A&A 449, 305-311 (2006)
C. Aerts1,2 - P. De Cat3 - J. De Ridder1, - H. Van Winckel1 - G. Raskin1,4 - G. Davignon1,4 - K. Uytterhoeven1,4,
1 - Instituut voor Sterrenkunde, Katholieke Universiteit Leuven, Celestijnenlaan 200 B, 3001 Leuven, Belgium
2 - Department of Astrophysics, Radboud University Nijmegen, PO Box 9010, 6500 GL Nijmegen, The Netherlands
3 - Koninklijke Sterrenwacht, Ringlaan 3, 1180 Brussel, Belgium
4 - Mercator Telescope, Calle Alvarez de Abreu 70, 38700 Santa Cruz de La Palma, Spain
Received 2 September 2005 / Accepted 28 October 2005
Aims. We made a seismic study of the young massive Cephei star HD 203664 with the goal of constraining its interior structure.
Methods. Our study is based on a time series of 328 new Geneva 7-colour photometric data of the star spread over 496.8 days.
Results. The data confirm the frequency of the dominant mode of the star, which we refined to f1=6.02885 c d-1. The mode has a large amplitude of 37 mmag in V and is unambiguously identified as a dipole mode () from its amplitude ratios and non-adiabatic computations. Besides f1, we discovered two additional new frequencies in the star with amplitudes above : f2=6.82902 c d-1 and f3=4.81543 c d-1, or one of their daily aliases. The amplitudes of these two modes are only between 3 and 4 mmag, which explains why they were not detected before. Their amplitude ratios are too uncertain for mode identification.
Conclusions. We show that the observed oscillation spectrum of HD 203664 is compatible with standard stellar models but that we have insufficient information for asteroseismic inferences. Among the large-amplitude Cephei stars, HD 203664 stands out as the only one rotating at a significant fraction of its critical rotation velocity ().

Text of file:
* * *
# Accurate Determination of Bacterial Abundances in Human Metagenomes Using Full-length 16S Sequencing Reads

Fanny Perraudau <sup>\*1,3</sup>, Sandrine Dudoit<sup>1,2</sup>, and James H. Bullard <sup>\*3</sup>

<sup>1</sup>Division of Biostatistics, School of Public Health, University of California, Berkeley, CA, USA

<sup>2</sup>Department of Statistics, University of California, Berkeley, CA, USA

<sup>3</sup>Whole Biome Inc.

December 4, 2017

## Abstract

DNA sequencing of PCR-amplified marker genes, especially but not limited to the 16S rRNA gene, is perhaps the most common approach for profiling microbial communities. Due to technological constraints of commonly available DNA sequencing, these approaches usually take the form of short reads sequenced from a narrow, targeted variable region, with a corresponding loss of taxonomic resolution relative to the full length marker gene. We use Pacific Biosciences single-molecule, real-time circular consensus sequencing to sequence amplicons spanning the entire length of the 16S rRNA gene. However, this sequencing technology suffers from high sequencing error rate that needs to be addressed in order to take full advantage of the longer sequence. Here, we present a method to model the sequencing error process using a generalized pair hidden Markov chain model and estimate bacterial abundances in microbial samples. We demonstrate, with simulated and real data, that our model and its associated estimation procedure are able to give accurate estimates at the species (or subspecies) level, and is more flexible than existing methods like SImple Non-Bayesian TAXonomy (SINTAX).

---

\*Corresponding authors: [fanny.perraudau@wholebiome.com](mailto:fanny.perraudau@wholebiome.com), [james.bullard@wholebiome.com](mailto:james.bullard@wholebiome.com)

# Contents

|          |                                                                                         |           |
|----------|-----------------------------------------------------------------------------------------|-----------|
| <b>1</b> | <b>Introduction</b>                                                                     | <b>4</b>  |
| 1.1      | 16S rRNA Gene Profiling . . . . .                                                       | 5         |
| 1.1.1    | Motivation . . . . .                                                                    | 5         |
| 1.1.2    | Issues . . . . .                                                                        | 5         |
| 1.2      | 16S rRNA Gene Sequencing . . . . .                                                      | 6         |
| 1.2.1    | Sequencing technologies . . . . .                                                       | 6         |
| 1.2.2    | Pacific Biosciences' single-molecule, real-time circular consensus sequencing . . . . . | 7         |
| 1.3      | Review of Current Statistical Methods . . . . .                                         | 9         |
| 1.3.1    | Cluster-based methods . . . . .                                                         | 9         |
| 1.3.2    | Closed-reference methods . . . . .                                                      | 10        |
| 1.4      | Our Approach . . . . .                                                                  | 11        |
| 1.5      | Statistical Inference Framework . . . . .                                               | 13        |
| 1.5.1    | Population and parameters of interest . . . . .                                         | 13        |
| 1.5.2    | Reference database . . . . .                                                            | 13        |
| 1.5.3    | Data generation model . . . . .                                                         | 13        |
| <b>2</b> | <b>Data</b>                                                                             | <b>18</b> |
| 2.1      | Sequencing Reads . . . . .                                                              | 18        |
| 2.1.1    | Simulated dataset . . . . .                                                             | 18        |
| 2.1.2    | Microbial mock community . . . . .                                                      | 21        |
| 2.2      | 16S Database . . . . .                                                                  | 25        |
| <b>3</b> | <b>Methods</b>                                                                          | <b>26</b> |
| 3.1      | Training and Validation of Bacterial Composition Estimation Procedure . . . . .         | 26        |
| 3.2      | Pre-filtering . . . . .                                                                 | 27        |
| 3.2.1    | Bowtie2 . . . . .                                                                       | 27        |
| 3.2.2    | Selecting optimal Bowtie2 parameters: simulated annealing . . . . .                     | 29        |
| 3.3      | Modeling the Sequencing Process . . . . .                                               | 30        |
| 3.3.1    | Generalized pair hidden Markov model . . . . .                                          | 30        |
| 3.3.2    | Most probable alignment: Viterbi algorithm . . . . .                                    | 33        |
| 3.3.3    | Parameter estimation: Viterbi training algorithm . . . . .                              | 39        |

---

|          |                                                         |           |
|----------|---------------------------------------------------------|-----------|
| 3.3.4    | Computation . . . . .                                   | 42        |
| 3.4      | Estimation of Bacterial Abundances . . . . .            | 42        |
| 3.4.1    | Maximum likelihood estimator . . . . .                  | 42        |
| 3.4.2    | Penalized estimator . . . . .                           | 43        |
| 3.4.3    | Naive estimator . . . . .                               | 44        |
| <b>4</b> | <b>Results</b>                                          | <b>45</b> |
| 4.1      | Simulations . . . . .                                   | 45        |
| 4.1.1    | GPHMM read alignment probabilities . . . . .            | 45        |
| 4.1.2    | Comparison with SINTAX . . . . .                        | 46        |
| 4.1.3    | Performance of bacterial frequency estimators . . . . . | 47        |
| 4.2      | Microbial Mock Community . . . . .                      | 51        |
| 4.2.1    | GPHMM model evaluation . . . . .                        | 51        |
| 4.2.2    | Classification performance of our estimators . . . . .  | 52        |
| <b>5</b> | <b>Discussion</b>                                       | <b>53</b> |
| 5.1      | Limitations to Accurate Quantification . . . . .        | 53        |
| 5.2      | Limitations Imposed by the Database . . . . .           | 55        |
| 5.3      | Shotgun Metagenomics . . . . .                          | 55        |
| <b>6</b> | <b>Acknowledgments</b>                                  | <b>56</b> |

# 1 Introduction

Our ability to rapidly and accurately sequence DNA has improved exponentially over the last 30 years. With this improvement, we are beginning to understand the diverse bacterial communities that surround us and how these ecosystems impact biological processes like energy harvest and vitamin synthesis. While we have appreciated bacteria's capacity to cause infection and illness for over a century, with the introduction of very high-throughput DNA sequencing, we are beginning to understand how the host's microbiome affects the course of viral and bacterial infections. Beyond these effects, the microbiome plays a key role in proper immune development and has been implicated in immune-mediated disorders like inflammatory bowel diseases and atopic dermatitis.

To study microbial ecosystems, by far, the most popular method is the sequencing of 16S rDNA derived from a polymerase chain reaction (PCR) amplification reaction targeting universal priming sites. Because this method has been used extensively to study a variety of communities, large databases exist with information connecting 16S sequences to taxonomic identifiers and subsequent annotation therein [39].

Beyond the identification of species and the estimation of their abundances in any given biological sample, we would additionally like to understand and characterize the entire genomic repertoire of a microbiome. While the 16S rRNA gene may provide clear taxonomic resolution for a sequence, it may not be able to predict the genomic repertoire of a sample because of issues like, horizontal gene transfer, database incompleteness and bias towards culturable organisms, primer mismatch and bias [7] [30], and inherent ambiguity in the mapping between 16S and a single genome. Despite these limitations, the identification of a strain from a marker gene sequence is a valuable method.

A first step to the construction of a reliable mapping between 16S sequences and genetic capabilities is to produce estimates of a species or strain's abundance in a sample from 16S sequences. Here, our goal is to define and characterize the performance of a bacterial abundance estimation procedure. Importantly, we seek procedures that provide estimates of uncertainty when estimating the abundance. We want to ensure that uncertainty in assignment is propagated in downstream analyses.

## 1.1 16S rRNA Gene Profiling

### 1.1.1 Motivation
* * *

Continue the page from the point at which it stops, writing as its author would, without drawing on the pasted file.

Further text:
Key words: stars: oscillations - stars: variables: general - stars: early-type - stars: individual: HD 203664 - stars: interiors
The Cephei stars are a homogeneous group of oscillating B0-B3 stars that have been studied as a class for more than a century now. Stankov & Handler (2005) recently compiled an overview of the observational properties of this group of stars. The oscillations of Cephei stars are explained in terms of the mechanism operating in the ionisation layer of the iron-peak elements (Cox et al. 1992; Kiriakidis et al. 1992; Moskalik & Dziembowski 1992; Dziembowksi & Pamyathnykh 1993). Given that mainly low-degree low-order pressure and gravity modes are excited, these stars are good potential targets for in-depth seismic studies of the interior structure of massive (i.e. pre-supernova) stars. Indeed, the luminosity classes of the known Cephei stars range from V up to I (Stankov & Handler 2005; see also Waelkens et al. 1998), and theory predicts the occurrence of oscillations for this whole area in the HR diagram (Pamyatnykh 1999).
Recent progress in the seismic interpretation of selected Cephei stars was remarkable in the sense that standard stellar structure models are unable to explain the oscillation data for the best-studied stars: HD 129929 (Aerts et al. 2003), Eridani (Pamyatnykh et al. 2004; Ausseloos et al. 2004), 12 Lacertae (Handler et al. 2005; Ausseloos 2005). Pamyatnykh et al. (2004) have suggested including radiative diffusion processes in a new generation of stellar models in an attempt to resolve the excitation problem in Eridani. This has not been achieved so far. These three well-studied Cephei stars are all slow rotators with vsini below 40 km s-1and a mass between 9 and 12 .
In view of these recent achievements, and in an attempt to obtain similar results for a star with higher surface rotation velocity, we selected one of the most rapid rotators among the large-amplitude Cephei stars for a long-term photometric monitoring programme on which we report here.
The star HD 203664 (B0.5V, ) was discovered to be a new Cephei star by Aerts (2000), who derived one frequency of 6.0289 c d-1 from the HIPPARCOS photometry. This frequency was confirmed by her in 49 Geneva measurements spread over about one year taken with the P7 photometer attached to the 0.7 m Swiss telescope at La Silla observatory. The scarce multicolour data set did not allow discrimination between or 2 for the spherical degree of this oscillation mode but did seem to exclude a radial mode. HD 203664 is among the top ten of the class as far as photometric amplitude is concerned, with a value of 30 mmag in the Geneva V filter (Aerts 2000). It is by far the most rapid rotator among the large-amplitude members (see Fig. 4 of Stankov & Handler 2005), with km s-1derived from high-resolution spectra by Little et al. (1994). It also happens to be one of the very few class members that is situated at a high galactic latitude ( ) at a distance of 3200 pc, thanks to which high-precision spectroscopic data is available and carefully analysed (Little et al. 1994).